Economic Theory

The simplicity of economic theory

Economic theory is the science which tries to explain economic phenomena. Just as Newton observed an apple falling from a tree and started searching for an explanation to the phenomenon, which eventually took him to the Universal Law of Gravitation, other thinkers observed the existence of a price for that apple (or the usury for loans), and looked for explanations to these other phenomena. That is the way in which economic theory started taking shape.

Unlike the fall of the apple and other natural phenomena, economic phenomena have their origin in the human individual and their actions. Absent the human being, the apple keeps falling to the ground. In contrast, absent the human being, there is no price for the apple. Economic theory does not make sense unless there are people around.

Because of this, the method for developing economic theory takes (or should take) the human being and their actions, human action, as the starting point. It is not a coincidence that Ludwig von Mises used that name for his magnum opus. The methodology derived from this is named praxeology, and it is one of the main features that differentiate the Austrian School of Economics from other economic schools.  The cornerstone on which praxeology rests is arguably the following axiom: the individual acts when they think that the state they will reach as a consequence of their action is preferable to the original state. In other words, when the ‘revenues’ they expect to obtain exceed the ‘costs’ they expect to incur. Starting from this axiom, unprovable but undisputed, theories may be developed to explain different social (not only economic) phenomena that we see around us.

Although the starting axiom may seem simple and intuitive, its application in practice is certainly complex. Firstly, the revenues and costs to which it refers are subjective. Only each concrete individual knows (or thinks they know) the costs to be incurred by carrying out a course of action, and the revenues they may attain as a consequence. However, these costs and revenues are not necessarily of a monetary nature. The motivations for most individuals, if not for all individuals in most cases, have nothing to do with receiving or spending money.

Our motivations are shaped by our religious beliefs, our education, our environment, traditions, and many other factors that shape our hierarchy of values. Thus, the social scientist has to deal with the fact that the fundamental variables driving human action (revenues and costs) are subjective and thus completely out of their grasp. Confronted with the same situation, two individuals act in very different ways. It is not possible to anticipate in which way they will act, because they perceive completely different sets of revenues and costs.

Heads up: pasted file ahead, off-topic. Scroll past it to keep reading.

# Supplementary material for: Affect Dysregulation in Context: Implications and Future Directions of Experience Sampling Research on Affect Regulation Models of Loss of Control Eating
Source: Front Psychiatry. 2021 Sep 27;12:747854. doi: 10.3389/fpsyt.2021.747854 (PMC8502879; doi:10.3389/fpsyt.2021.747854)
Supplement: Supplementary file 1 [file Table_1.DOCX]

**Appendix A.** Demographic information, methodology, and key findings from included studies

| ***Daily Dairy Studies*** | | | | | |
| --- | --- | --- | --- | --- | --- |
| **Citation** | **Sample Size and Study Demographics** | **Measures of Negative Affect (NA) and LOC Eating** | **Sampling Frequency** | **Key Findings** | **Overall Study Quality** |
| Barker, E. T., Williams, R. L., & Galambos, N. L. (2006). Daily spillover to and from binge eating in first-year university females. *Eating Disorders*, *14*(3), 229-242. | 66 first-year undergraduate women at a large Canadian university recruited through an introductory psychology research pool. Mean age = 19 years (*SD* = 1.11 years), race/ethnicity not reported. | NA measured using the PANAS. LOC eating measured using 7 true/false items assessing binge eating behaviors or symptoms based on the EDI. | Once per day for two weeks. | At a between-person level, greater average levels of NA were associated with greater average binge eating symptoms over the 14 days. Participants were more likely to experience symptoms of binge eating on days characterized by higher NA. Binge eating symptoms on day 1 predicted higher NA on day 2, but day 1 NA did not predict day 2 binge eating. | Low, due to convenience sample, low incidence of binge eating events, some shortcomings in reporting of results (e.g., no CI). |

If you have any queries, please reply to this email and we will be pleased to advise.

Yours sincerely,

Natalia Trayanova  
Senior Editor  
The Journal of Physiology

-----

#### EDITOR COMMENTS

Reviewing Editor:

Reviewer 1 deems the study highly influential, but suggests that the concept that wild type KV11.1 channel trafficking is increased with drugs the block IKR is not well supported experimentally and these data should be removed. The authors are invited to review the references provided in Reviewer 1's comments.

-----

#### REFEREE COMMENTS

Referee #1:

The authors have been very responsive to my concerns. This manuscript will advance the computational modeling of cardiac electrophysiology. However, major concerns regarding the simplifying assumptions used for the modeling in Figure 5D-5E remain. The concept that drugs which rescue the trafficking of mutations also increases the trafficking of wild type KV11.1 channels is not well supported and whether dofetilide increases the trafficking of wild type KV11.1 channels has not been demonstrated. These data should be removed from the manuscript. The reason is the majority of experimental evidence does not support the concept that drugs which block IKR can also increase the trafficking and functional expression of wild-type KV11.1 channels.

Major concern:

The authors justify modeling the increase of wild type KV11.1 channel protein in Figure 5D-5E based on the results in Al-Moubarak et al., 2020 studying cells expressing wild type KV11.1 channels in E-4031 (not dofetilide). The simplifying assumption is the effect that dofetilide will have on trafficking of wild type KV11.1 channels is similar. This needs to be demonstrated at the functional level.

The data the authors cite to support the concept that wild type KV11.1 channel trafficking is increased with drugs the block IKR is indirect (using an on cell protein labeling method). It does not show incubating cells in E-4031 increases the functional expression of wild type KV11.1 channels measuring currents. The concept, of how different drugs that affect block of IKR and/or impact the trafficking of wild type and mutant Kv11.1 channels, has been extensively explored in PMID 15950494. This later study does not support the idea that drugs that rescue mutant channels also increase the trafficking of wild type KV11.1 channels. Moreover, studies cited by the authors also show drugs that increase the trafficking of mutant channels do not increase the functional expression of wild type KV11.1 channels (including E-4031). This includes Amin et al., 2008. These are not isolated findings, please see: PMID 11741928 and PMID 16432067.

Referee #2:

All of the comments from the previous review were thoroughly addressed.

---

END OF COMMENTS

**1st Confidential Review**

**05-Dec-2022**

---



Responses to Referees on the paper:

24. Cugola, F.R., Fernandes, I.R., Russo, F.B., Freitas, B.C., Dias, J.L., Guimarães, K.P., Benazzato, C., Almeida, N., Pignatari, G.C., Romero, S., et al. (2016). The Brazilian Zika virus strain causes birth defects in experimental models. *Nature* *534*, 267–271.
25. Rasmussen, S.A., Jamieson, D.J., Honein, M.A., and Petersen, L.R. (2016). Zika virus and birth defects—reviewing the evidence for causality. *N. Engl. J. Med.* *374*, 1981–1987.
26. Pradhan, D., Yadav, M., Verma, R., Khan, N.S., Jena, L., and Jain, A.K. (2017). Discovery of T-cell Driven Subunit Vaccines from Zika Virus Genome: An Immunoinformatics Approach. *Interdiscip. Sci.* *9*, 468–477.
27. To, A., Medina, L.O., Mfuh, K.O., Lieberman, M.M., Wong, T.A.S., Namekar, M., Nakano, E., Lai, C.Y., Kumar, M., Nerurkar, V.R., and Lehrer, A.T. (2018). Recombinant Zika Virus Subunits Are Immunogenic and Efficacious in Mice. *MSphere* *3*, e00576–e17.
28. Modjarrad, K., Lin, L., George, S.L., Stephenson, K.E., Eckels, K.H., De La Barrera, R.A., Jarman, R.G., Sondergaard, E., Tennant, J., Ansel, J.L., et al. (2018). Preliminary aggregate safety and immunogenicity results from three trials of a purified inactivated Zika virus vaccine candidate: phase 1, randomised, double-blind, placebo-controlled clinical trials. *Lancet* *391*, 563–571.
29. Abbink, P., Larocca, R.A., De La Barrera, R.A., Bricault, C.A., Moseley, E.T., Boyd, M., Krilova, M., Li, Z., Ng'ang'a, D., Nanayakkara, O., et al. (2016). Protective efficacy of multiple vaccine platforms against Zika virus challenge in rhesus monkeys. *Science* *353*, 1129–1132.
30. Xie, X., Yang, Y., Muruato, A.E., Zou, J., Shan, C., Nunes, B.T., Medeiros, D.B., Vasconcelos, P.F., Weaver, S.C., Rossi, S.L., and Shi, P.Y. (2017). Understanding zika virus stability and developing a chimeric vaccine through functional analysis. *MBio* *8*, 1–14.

Secondly, when the individual acts, they (subjectively) believe that they will end up in a better state than the starting point. However, we all know that individuals continually make mistakes. So, the individual may actually end up in a situation that is worse than the original one, even from their subjective point of view.

Finally, any individual action (the calculation of revenues and costs that justifies it) depends on the available information and on the, once again, subjective reading of it. With better information, the individual may expect the action to lead to the anticipated results with a higher probability. In turn, the decision to obtain better information is itself an economic action, and as such, it is equally subject to a comparison of anticipated revenues and costs.

As observed, these are large limitations, even unsurmountable, which the social scientist has to confront when they try to explain the social phenomena they observe. Why did Christianity succeed? Why do people marry? Why are there wars? Why are there no completely ‘anarchic’ societies in the world?

All of these are empirical observations of the social reality that we should be able to explain by using praxeology. However, it is very difficult to do that. There are plenty of views with regard to each of the questions, but it is almost impossible to reach a scientific explanation for them.

Fortunately for the Austrian economist, when we try to explain economic phenomena, some simplifications to the general model of human action depicted above are possible. These simplifications allow us the use of praxeology to develop economic theories with high reliability.